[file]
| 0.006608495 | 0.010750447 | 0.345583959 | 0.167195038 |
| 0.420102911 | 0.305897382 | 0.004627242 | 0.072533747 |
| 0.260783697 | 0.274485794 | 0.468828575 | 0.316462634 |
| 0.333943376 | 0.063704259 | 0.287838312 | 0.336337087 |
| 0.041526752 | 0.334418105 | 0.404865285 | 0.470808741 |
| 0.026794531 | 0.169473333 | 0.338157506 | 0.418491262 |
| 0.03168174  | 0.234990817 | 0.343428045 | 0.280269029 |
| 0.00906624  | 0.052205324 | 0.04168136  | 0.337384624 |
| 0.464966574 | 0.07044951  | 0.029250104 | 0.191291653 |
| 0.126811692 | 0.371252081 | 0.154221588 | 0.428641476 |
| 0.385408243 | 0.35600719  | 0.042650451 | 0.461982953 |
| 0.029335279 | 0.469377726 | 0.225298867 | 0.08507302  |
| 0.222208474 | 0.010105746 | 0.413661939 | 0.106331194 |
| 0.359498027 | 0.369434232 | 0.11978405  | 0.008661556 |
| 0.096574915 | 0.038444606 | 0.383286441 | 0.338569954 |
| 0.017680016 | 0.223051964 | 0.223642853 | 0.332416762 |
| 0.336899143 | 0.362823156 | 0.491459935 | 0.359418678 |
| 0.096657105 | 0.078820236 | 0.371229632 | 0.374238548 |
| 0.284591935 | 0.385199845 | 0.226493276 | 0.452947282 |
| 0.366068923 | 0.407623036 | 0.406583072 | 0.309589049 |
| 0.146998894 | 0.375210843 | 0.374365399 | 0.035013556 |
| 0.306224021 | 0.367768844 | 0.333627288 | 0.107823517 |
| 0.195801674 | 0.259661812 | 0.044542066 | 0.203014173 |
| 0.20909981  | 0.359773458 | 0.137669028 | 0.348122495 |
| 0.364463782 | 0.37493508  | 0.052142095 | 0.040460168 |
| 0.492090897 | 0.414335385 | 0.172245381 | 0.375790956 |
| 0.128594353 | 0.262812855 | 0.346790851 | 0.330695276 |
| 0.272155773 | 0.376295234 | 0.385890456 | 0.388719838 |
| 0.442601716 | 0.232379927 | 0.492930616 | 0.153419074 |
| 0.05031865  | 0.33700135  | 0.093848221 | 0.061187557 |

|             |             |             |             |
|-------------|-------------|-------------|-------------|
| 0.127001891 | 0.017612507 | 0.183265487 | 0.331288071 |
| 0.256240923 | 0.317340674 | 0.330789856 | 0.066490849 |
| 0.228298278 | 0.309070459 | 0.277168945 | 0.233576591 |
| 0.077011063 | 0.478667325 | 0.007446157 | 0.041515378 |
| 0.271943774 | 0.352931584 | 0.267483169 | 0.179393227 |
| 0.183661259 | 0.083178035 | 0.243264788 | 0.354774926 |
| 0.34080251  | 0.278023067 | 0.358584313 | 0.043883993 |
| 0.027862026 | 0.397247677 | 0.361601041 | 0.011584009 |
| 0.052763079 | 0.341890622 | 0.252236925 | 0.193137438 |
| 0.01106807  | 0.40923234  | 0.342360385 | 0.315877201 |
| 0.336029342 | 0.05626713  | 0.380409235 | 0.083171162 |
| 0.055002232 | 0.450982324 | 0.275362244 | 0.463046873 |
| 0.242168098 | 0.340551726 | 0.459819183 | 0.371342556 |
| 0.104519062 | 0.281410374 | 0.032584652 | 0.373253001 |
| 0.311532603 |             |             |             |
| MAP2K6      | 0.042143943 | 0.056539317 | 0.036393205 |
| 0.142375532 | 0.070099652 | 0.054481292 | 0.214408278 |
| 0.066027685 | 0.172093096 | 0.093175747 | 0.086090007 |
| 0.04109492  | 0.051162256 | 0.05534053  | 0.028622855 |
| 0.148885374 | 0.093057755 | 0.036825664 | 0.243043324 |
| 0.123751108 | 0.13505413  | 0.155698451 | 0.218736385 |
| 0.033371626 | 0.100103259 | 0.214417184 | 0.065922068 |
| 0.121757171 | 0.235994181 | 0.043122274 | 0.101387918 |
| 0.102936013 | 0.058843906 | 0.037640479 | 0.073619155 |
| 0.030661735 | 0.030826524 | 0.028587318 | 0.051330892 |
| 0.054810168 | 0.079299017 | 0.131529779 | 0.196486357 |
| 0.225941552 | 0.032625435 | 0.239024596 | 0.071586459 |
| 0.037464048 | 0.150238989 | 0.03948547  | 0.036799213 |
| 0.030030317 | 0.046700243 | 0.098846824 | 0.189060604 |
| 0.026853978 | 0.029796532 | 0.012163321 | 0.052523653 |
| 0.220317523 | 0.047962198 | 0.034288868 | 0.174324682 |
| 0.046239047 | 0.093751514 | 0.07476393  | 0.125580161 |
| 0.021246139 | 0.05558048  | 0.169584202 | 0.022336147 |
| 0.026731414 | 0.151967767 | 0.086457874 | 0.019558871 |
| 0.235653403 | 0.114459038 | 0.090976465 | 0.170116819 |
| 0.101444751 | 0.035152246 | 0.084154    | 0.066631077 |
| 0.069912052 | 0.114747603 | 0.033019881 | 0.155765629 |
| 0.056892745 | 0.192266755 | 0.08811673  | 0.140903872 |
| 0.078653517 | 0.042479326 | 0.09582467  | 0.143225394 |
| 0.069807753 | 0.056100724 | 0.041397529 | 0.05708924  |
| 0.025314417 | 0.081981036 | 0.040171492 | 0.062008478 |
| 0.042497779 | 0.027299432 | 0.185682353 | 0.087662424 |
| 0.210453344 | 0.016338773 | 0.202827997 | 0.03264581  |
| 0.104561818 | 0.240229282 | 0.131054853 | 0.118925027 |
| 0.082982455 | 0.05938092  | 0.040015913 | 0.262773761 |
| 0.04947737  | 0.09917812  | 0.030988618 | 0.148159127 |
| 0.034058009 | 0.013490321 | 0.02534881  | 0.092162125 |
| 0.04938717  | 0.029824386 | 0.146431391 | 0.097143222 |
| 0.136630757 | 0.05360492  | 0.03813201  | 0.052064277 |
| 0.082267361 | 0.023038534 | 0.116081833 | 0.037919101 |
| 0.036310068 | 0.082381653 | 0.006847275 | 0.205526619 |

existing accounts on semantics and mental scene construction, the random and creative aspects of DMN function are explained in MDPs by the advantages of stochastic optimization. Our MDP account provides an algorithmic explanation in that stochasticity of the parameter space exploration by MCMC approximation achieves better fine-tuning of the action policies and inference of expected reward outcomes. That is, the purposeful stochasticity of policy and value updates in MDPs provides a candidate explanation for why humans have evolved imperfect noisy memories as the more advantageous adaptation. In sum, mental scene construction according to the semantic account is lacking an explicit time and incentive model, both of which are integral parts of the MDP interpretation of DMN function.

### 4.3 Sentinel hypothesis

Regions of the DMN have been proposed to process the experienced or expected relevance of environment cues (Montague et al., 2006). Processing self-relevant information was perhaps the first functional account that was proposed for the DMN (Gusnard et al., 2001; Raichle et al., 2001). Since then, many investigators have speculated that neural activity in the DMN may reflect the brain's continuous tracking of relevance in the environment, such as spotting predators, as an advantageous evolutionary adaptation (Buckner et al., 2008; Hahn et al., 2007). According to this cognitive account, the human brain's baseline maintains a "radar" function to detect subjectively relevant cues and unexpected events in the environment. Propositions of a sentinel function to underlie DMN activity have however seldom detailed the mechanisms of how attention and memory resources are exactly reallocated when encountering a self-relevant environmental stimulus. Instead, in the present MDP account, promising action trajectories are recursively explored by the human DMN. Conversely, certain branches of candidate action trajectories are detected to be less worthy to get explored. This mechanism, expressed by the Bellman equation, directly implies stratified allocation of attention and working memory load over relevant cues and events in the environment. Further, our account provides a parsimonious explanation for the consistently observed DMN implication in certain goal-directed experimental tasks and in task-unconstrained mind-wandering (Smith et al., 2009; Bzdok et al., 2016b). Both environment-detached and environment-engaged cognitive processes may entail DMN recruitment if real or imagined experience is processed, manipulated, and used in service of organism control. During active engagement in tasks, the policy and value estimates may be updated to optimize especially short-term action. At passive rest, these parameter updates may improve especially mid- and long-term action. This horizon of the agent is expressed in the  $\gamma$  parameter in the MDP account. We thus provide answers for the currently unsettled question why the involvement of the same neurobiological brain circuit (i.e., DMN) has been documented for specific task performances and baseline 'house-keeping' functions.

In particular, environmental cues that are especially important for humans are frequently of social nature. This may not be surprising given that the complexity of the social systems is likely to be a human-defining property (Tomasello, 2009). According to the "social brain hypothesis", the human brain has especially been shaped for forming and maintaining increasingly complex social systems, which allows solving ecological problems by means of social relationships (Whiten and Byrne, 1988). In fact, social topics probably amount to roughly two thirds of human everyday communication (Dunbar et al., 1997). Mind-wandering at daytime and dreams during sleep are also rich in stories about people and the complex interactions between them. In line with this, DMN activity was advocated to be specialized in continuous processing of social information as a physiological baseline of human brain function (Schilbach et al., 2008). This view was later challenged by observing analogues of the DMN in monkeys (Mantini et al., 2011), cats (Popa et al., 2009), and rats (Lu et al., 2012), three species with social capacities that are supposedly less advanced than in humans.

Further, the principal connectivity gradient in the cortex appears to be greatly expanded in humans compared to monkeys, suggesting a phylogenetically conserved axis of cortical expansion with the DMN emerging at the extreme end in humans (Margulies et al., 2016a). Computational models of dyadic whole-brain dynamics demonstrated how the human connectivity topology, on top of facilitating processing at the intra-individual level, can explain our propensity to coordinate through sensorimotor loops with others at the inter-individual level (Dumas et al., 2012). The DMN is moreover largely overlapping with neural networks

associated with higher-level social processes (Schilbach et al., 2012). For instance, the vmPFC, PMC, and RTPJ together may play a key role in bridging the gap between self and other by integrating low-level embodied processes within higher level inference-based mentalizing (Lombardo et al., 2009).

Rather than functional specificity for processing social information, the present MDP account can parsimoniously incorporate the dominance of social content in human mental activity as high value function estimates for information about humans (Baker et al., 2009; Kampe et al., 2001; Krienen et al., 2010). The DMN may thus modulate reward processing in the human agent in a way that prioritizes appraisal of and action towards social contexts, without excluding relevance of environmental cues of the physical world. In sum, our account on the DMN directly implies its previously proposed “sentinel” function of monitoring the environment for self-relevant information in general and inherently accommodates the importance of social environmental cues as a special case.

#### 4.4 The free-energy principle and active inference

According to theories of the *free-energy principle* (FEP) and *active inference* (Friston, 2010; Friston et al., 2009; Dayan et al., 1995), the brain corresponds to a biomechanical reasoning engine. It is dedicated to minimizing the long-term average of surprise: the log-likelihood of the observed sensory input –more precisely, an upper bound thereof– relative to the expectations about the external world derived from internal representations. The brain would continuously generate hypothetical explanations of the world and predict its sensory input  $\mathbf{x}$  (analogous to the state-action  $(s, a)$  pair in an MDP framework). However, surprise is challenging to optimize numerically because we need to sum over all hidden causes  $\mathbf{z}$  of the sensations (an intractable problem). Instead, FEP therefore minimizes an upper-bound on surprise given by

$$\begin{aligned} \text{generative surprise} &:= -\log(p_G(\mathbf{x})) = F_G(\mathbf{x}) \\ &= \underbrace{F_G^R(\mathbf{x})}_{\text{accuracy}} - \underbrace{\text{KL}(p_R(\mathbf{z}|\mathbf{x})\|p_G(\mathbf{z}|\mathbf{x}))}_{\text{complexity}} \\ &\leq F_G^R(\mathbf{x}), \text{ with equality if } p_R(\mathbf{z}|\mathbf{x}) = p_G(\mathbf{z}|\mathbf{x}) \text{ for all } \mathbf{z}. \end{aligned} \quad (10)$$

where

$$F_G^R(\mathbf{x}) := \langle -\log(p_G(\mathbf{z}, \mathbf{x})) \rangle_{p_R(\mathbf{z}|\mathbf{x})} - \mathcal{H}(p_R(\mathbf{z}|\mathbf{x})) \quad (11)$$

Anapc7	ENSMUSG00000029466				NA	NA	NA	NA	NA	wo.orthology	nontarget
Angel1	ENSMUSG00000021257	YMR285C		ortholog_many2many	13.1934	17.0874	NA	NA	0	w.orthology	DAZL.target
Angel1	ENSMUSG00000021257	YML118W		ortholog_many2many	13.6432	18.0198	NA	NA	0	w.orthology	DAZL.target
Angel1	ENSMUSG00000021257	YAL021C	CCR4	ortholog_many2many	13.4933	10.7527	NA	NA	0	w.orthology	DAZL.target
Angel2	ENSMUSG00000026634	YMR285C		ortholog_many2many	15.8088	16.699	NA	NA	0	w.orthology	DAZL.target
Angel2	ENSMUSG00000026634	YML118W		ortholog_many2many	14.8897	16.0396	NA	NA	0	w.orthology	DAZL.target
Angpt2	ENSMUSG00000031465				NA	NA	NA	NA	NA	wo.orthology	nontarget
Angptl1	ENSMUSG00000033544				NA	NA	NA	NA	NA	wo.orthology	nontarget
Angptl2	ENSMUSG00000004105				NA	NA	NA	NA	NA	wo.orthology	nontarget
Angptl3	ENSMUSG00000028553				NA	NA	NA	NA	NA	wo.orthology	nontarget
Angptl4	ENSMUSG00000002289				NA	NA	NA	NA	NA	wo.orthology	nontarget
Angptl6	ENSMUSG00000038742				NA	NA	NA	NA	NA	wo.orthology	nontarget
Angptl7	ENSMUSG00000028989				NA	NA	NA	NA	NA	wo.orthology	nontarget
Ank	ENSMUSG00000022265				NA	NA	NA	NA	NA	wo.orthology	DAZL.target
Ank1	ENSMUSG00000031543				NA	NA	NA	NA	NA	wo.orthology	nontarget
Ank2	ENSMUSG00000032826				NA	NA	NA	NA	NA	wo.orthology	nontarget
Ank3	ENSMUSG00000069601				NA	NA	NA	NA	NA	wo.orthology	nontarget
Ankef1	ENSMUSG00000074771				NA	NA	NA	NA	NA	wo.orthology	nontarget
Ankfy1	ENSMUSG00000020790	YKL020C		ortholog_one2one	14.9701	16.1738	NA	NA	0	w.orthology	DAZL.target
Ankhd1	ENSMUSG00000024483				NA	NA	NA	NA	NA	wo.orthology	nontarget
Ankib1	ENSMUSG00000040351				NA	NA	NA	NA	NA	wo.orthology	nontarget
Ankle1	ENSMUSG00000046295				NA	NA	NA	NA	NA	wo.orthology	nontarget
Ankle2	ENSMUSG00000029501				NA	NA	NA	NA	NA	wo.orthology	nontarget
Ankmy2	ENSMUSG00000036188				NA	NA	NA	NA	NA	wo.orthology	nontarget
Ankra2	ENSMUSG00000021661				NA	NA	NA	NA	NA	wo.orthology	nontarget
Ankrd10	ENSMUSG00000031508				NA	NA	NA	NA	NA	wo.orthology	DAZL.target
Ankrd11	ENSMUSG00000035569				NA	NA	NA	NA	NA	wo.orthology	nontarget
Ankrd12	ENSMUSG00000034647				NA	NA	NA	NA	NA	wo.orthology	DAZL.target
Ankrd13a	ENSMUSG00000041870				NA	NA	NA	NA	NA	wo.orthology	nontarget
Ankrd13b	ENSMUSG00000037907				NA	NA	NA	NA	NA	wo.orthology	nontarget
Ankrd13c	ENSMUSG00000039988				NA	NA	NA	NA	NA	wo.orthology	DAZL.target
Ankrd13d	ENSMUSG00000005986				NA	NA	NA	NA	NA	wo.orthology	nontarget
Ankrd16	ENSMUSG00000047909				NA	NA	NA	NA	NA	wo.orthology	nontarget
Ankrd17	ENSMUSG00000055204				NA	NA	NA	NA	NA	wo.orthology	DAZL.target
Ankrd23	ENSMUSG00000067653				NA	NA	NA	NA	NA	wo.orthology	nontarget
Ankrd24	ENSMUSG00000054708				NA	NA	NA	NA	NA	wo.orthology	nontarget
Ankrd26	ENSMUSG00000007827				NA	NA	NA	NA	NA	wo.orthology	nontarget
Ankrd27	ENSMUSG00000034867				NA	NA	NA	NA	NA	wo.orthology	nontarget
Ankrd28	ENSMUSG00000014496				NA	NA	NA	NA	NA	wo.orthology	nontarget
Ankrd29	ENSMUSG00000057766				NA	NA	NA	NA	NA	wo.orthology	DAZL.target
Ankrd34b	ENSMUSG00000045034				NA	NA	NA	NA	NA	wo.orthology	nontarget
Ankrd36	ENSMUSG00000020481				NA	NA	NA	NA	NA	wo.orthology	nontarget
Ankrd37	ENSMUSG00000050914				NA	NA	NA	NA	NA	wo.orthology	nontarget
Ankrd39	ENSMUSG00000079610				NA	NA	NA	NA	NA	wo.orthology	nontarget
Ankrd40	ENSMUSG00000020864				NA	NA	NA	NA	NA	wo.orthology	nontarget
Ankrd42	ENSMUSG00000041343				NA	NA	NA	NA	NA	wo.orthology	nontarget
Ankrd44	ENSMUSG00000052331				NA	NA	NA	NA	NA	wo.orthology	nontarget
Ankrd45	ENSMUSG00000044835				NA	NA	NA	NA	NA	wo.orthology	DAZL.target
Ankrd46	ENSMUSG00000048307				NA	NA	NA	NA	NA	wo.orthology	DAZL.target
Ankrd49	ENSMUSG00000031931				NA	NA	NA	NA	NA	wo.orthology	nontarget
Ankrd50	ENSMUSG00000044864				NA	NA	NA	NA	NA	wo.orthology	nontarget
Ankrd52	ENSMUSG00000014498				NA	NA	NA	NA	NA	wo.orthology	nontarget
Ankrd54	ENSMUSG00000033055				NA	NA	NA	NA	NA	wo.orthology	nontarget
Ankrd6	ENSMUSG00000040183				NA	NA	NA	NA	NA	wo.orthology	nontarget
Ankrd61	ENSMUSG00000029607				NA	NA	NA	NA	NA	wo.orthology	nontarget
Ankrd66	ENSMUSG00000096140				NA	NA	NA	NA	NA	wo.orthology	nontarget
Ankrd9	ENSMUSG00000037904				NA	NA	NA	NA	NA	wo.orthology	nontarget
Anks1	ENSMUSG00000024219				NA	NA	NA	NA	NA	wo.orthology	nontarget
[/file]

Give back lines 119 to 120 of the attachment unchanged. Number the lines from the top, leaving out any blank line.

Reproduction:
Ankmy2	ENSMUSG00000036188				NA	NA	NA	NA	NA	wo.orthology	nontarget
Ankra2	ENSMUSG00000021661				NA	NA	NA	NA	NA	wo.orthology	nontarget